Cat Neutering

"Neutering" a male or "spaying" a female cat involves the surgical removal of the animal’s sexual organs. There are many reasons one might elect to have this surgery performed on their pet. Whatever your motives though, it is best to be as informed about this routine 10 to 20 minute procedure as you possibly can.

Spaying and neutering have been used as behavioral modification tools, as the removal of the organs will calm excitable or aggressive animals. Although many veterinarians traditionally demand that a cat be at least 6 months of age prior to undergoing this surgery, early age neutering has become more popular as recent research has indicated that there is no risk of increased complications.

Spaying and neutering are, of course, common techniques used as a method of pet population control. With so many abandoned and otherwise feral cats in the world, it is no wonder that many owners choose neutering. The US Department of Agriculture estimates that up to 60% of un-neutered cats become feral in 3-5 years and this may account for the fact that their numbers in the US are upwards of 60 million.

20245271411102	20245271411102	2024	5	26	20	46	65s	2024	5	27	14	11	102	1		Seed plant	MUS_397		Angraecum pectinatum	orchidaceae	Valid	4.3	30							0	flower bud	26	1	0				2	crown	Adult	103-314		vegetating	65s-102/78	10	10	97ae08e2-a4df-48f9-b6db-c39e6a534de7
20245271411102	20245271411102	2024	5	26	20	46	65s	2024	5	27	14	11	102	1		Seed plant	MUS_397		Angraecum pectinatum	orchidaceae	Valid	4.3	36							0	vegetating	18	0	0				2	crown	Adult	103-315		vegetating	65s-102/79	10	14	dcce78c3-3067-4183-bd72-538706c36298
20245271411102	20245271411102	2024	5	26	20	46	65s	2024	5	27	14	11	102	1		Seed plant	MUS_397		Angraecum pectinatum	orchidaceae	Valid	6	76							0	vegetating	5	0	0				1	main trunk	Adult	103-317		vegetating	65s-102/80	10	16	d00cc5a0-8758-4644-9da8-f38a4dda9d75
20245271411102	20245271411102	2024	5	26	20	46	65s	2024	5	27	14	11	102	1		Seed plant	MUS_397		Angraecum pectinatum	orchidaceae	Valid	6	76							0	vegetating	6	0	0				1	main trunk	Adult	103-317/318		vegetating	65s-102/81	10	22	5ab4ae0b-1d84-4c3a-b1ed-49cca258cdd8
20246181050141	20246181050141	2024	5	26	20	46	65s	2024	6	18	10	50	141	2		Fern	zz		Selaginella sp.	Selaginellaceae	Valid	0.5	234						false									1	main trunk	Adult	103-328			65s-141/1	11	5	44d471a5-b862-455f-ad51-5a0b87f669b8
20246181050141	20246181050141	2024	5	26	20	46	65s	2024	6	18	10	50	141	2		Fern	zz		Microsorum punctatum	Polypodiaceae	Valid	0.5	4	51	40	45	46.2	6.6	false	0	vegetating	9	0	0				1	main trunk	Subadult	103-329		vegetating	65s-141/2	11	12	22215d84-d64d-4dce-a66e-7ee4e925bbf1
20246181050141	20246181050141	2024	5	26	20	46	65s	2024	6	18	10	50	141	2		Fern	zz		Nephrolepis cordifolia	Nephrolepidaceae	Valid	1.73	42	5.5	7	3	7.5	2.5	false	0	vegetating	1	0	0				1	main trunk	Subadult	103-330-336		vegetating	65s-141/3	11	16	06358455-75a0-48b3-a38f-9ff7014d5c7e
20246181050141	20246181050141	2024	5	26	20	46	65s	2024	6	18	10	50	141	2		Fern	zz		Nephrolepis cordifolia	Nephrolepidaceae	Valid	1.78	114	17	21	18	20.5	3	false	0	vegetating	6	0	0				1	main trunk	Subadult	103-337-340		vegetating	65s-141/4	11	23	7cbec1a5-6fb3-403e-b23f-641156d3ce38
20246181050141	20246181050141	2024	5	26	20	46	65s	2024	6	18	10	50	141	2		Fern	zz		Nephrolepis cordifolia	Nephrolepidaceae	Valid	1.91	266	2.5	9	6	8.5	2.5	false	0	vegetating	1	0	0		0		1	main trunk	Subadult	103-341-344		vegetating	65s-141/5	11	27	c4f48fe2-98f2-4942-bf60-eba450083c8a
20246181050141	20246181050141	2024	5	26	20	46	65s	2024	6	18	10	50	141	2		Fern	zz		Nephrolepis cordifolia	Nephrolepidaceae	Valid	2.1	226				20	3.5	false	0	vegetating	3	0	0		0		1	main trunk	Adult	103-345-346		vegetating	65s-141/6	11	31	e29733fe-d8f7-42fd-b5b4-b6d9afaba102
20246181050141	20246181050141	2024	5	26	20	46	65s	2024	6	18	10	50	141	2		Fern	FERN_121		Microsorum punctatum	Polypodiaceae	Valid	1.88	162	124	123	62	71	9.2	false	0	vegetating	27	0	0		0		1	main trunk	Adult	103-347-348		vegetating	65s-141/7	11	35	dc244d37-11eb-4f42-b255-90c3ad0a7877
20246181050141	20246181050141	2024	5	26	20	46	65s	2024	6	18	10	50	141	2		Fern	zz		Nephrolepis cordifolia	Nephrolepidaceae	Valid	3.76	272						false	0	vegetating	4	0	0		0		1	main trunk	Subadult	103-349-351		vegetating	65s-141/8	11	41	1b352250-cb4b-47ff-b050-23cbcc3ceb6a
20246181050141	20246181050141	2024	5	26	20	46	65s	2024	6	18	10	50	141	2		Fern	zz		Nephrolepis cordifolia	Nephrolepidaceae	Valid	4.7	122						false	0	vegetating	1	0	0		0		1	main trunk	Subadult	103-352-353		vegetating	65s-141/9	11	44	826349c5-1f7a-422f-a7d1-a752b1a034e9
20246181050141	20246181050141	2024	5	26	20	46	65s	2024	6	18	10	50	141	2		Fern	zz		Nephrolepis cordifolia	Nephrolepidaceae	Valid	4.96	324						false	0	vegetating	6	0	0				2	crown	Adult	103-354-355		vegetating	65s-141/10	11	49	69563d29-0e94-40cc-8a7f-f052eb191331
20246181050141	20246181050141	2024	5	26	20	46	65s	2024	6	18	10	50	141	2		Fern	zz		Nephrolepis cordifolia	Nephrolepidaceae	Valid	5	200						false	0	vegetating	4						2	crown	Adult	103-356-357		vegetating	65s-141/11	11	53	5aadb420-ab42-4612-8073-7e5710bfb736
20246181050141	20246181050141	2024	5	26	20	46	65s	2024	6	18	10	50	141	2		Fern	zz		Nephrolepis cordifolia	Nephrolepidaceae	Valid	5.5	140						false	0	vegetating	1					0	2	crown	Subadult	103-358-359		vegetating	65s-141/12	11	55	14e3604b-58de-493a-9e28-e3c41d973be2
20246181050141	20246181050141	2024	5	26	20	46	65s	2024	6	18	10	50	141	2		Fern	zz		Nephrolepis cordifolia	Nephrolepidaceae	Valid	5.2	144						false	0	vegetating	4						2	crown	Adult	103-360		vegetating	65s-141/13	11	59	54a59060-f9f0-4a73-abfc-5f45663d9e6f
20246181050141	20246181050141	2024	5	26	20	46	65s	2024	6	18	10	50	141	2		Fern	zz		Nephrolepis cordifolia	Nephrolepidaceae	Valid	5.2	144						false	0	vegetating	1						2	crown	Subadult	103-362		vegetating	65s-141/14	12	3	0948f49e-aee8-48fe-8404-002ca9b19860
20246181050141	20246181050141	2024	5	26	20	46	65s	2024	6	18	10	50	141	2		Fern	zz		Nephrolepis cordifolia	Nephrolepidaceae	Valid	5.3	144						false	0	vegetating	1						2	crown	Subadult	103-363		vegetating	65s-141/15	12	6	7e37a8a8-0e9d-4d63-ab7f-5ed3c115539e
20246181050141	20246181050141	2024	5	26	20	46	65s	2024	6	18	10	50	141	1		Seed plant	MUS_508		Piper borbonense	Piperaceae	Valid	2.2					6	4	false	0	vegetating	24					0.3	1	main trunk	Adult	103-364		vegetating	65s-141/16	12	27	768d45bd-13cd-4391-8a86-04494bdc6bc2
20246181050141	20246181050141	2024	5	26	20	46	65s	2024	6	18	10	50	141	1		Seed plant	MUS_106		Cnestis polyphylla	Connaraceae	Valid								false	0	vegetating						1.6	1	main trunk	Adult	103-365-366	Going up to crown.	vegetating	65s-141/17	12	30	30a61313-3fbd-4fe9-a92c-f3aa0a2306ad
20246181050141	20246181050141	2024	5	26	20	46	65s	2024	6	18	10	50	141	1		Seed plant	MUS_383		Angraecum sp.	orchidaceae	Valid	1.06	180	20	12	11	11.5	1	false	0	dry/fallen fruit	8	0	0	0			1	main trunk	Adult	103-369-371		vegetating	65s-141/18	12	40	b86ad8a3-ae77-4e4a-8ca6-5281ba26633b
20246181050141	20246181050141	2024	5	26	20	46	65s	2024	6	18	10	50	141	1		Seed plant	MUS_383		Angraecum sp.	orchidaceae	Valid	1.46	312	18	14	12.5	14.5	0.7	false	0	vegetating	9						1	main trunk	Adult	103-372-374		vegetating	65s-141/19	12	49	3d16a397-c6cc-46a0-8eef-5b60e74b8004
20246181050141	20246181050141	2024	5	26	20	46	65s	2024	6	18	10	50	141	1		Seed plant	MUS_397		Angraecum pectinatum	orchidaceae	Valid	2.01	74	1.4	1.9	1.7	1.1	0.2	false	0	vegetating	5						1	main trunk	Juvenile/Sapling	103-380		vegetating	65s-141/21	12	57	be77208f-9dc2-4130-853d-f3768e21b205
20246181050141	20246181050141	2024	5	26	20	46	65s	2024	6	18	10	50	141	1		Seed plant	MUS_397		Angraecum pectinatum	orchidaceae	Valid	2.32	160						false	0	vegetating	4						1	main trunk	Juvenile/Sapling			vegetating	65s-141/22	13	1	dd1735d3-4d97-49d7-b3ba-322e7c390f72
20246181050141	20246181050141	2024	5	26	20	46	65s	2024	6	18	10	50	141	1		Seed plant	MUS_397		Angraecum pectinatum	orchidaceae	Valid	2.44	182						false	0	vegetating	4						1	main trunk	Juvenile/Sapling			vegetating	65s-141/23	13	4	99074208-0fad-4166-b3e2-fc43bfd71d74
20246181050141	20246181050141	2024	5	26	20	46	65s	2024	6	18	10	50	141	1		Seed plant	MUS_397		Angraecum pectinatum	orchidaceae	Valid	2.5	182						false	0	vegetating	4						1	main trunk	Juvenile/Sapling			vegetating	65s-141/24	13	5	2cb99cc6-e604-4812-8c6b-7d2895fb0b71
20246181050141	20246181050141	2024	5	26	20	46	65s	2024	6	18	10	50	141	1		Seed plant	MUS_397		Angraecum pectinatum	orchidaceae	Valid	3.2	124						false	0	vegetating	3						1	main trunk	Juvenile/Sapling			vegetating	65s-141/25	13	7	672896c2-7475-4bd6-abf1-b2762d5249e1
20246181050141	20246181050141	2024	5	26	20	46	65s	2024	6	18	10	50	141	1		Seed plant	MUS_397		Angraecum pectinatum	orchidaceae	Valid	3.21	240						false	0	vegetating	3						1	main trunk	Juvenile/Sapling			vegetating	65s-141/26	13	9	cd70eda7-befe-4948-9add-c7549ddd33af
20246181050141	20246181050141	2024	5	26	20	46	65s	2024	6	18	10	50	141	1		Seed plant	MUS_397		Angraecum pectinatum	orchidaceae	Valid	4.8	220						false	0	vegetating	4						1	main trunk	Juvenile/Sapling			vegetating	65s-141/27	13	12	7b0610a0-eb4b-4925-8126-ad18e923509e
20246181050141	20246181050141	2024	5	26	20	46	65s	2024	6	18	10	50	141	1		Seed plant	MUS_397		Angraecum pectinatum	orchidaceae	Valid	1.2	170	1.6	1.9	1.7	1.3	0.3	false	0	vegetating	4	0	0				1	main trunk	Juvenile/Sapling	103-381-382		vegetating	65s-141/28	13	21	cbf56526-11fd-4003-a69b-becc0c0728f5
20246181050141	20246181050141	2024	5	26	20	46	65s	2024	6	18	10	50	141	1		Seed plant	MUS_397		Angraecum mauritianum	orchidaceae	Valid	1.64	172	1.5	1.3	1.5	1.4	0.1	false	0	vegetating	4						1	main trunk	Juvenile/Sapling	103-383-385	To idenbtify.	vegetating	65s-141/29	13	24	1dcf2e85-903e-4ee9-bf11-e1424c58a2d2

Once you’ve had your precious kitty spayed or neutered, you can expect to see some changes both in appearance and in behavior. Cats who are neutered may exhibit weight gain, but this is not a necessity, as the tendency can be corrected through modification of diet. Your cat may seem more lethargic if neutered or spayed during maturity, and while this is natural during its recovery from surgery, your pet should quickly return to its normal self.

Neutering and spaying cats can be a great boon in the prevention of many health problems commonly associated with mature pets. By consulting your veterinarian concerning neutering, and what to expect, you can make the best decision to ensure that your sweet feline friend stays healthy, wholesome and happy.